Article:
To live in any house is a responsibility. It is important to take care of it and to be a good steward for the next person who will share the running history with these walls and floors, living under the shade of this roof. Twenty years ago when we built this house we built with a strong emphasis on the bones and regrettably needed to use some lesser quality finish materials and details as place cards. We have had to wait until now to finish the details like I had wanted to do then, and I am glad to have this chance to do it. I designed this house, and feel it is part of my legacy, and not a tiny one, to me. I had wanted to leave this house in better shape than it had been in for a while, and so now in its closing moments of remodeling for this project, this process has been worth the pain. There is certainly more left to do. There always will be. The process is continual, but after twenty years of waiting, we have made a good start.

I was not surprised at the stress levels it would raise doing all of this, and it certainly has, but we were not new to remodeling and were resigned to its inconveniences. The details that needed attention, the corrections, the changes, the dust, the roaming through the house to find a bathroom that still worked, and the intrusion into our lives has been rough.  For the most part though, I have survived. And I know too, that when I watch those last tail lights heading back to town for the last time, I will be ready for a serious massage, a very large and very cold martini or two, a very quiet house, and in no, particular order.




Tuesday, September 15, 2015


The other morning, Sunday, while still sleeping, I realized I was no longer dreaming and the outside world beyond my involuntary imagination was beginning to shine through the window and beckoned me to join it, and so slowly, I did. After coffee I walked to the barn with my posse of dogs under a dark, clear blue sky, thanks to the cold front that had come through overnight, to the whinnies of the mares waiting for their feed. I knew they wanted, and are still expecting me, to bring them pears from the trees in the front yard.

There are still a few pears left hanging but are well out of my reach, and these will most likely drop and get eaten by first finders, and that includes but is not limited to squirrels, the dogs, hornets, deer, butterflies, and raccoons. The horses would be there first but theirs is a life of fences and restrictions from doing such things. Left to themselves, they would sit under the pear trees and eat pears nonstop, until they exploded, or foundered, in no particular order of that. So they get no freedom there, only treats.

These pear trees have been very valuable to me over the years for many reasons; first and mainly, we have planted them on each farm that we have lived on over the decades, because their fruit is the core of the delicious relish that I make each summer that was my grandmother, Miriam’s, recipe, but they have also been the enticer to my young horses to leave the barn when I have first begun to ride them alone and away from the herd. Once they learned of the sweet treats that hung, and lay on the ground under the trees, they willingly marched away from the barn, boldly going all the way to the other side of the house, out of sight of the herd. With frothy mouths they would lower their heads and crunch with undistracted contentment on the fallen orbs. Nothing matters when pears are in season, except for the pears. But now, the season draws to a sad close and the mares, and all listed creature above, will have to wait until next year’s pears, but at life's present speed, that won’t be long.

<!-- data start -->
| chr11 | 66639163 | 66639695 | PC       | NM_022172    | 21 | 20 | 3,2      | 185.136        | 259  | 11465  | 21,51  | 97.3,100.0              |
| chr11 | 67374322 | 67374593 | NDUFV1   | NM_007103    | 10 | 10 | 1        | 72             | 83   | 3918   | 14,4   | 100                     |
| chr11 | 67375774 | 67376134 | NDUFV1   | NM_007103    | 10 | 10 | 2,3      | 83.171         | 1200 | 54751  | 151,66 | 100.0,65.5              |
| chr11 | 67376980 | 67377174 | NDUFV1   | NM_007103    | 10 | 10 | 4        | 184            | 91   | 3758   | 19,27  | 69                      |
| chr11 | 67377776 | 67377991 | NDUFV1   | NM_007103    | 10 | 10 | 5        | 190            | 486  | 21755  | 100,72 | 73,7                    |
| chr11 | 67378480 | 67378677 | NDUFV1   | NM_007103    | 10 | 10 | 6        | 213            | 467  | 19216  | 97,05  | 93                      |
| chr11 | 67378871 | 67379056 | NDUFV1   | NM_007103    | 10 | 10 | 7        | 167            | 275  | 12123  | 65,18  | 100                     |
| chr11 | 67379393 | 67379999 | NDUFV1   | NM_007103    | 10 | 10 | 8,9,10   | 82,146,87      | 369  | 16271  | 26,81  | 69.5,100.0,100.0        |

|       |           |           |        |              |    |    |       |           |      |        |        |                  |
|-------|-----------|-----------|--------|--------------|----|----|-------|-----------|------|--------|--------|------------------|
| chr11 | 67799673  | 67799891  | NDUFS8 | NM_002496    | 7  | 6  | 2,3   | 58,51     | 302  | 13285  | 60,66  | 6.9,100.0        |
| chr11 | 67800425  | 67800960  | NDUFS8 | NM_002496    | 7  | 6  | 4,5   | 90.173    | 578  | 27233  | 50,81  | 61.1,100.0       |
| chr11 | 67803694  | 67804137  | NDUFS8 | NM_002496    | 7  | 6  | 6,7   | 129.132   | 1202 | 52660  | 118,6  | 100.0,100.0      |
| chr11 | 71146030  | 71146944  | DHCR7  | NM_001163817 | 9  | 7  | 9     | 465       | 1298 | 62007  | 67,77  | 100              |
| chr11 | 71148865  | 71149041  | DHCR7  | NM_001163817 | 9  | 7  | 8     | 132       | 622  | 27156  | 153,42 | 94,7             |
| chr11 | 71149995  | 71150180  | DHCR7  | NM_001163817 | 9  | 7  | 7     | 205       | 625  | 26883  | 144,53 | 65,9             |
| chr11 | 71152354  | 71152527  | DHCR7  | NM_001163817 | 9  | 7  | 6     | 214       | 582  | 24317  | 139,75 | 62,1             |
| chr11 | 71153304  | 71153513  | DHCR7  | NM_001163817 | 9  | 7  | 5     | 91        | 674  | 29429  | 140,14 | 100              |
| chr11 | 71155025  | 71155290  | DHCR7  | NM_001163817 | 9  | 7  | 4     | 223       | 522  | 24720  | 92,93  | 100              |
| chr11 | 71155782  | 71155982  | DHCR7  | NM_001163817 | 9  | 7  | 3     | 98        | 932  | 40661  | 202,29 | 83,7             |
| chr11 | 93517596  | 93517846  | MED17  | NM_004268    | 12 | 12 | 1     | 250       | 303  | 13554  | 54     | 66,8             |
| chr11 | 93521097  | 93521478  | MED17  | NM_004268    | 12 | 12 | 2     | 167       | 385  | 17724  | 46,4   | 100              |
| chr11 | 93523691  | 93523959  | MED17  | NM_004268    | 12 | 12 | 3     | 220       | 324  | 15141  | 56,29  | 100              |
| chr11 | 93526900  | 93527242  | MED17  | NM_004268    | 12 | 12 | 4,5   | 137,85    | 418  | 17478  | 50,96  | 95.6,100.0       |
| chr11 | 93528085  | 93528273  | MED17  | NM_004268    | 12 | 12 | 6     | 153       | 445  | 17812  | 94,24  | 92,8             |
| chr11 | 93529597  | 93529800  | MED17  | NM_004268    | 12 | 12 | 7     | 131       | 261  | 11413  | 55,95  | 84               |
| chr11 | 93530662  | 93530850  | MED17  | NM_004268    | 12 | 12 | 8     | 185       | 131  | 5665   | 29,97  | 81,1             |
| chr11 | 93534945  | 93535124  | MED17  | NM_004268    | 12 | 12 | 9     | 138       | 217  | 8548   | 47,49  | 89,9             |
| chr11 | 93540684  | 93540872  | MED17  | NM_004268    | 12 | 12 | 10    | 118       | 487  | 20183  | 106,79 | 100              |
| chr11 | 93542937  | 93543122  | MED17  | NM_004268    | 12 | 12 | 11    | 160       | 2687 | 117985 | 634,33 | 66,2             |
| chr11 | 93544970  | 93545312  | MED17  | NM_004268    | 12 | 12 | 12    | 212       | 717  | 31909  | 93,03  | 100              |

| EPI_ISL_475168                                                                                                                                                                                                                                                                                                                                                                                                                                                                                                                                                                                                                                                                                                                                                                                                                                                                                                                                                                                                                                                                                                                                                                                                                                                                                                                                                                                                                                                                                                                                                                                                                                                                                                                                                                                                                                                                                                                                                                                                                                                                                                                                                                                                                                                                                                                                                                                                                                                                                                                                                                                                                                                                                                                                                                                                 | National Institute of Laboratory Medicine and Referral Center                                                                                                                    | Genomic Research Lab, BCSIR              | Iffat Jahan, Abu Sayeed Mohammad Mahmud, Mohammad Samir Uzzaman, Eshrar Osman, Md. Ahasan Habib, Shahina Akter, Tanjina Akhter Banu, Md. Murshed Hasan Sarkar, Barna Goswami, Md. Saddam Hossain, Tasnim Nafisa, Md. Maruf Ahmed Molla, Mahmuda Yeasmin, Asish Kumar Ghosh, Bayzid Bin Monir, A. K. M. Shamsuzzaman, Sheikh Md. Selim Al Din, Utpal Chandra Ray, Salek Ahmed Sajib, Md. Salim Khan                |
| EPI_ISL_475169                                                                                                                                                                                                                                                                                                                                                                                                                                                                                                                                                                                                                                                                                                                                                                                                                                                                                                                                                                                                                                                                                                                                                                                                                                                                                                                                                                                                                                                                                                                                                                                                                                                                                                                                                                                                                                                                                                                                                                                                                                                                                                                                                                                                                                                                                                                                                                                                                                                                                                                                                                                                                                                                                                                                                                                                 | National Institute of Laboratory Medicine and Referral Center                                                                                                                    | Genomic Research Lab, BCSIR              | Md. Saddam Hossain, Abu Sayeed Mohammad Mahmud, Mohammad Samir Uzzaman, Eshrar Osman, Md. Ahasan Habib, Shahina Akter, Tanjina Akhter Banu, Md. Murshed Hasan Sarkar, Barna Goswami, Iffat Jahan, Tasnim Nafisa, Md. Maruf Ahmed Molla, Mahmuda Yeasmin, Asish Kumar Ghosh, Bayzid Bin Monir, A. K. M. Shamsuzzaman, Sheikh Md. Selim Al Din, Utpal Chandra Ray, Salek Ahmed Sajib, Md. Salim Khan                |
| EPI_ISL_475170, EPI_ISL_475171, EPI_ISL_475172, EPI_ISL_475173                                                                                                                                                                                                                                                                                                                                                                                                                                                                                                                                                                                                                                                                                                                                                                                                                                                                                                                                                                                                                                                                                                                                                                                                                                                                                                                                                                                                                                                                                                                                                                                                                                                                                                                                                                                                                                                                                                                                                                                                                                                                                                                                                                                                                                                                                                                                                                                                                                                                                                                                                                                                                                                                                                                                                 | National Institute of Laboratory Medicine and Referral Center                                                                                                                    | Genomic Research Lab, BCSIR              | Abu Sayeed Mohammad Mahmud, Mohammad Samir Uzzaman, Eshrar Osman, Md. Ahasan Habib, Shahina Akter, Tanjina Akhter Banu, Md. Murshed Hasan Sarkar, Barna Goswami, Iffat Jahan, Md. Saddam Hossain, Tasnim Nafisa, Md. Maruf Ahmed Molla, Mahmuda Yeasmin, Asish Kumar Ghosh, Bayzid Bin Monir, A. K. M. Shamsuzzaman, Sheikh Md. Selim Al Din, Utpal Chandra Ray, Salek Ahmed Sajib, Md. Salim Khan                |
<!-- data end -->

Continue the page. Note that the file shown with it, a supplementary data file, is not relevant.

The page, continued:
As I went about my day on Sunday, I meant to make a list of things I saw through the day but never made the time to jot them down. A few that I do remember are, a butterfly dancing with its own shadow, an orange Fritillary, by size looked to be a male. It flitted and flirted with a shadow butterfly below it for many minutes. The sun was above and to the back of the butterfly and its shadow was in hard outline on the pool deck below it, and the dancing shadow was as equally mesmerizing to this guy, as his flitting about was to me. It was charming to me to see how focused this butterfly was on his reality of his moment, that he was courting and dancing with a wonderful dancer who knew and mimicked his every move. Just like Ginger and Fred, they were together in perfection.

 Later, I saw a Red Shoulder hawk fly in a rapid whoosh, up from the woods to the edge of the pond where the north wind was rising as it was pushed over the dam. The rising winds lifted the hawk and it quickly rose as it flew in lazy circles higher and higher. The sun shone through its tail showing its handsome black and white bands in clear definition, and once it had reached how high it wanted to be, off on a tangent it flew and was gone from sight.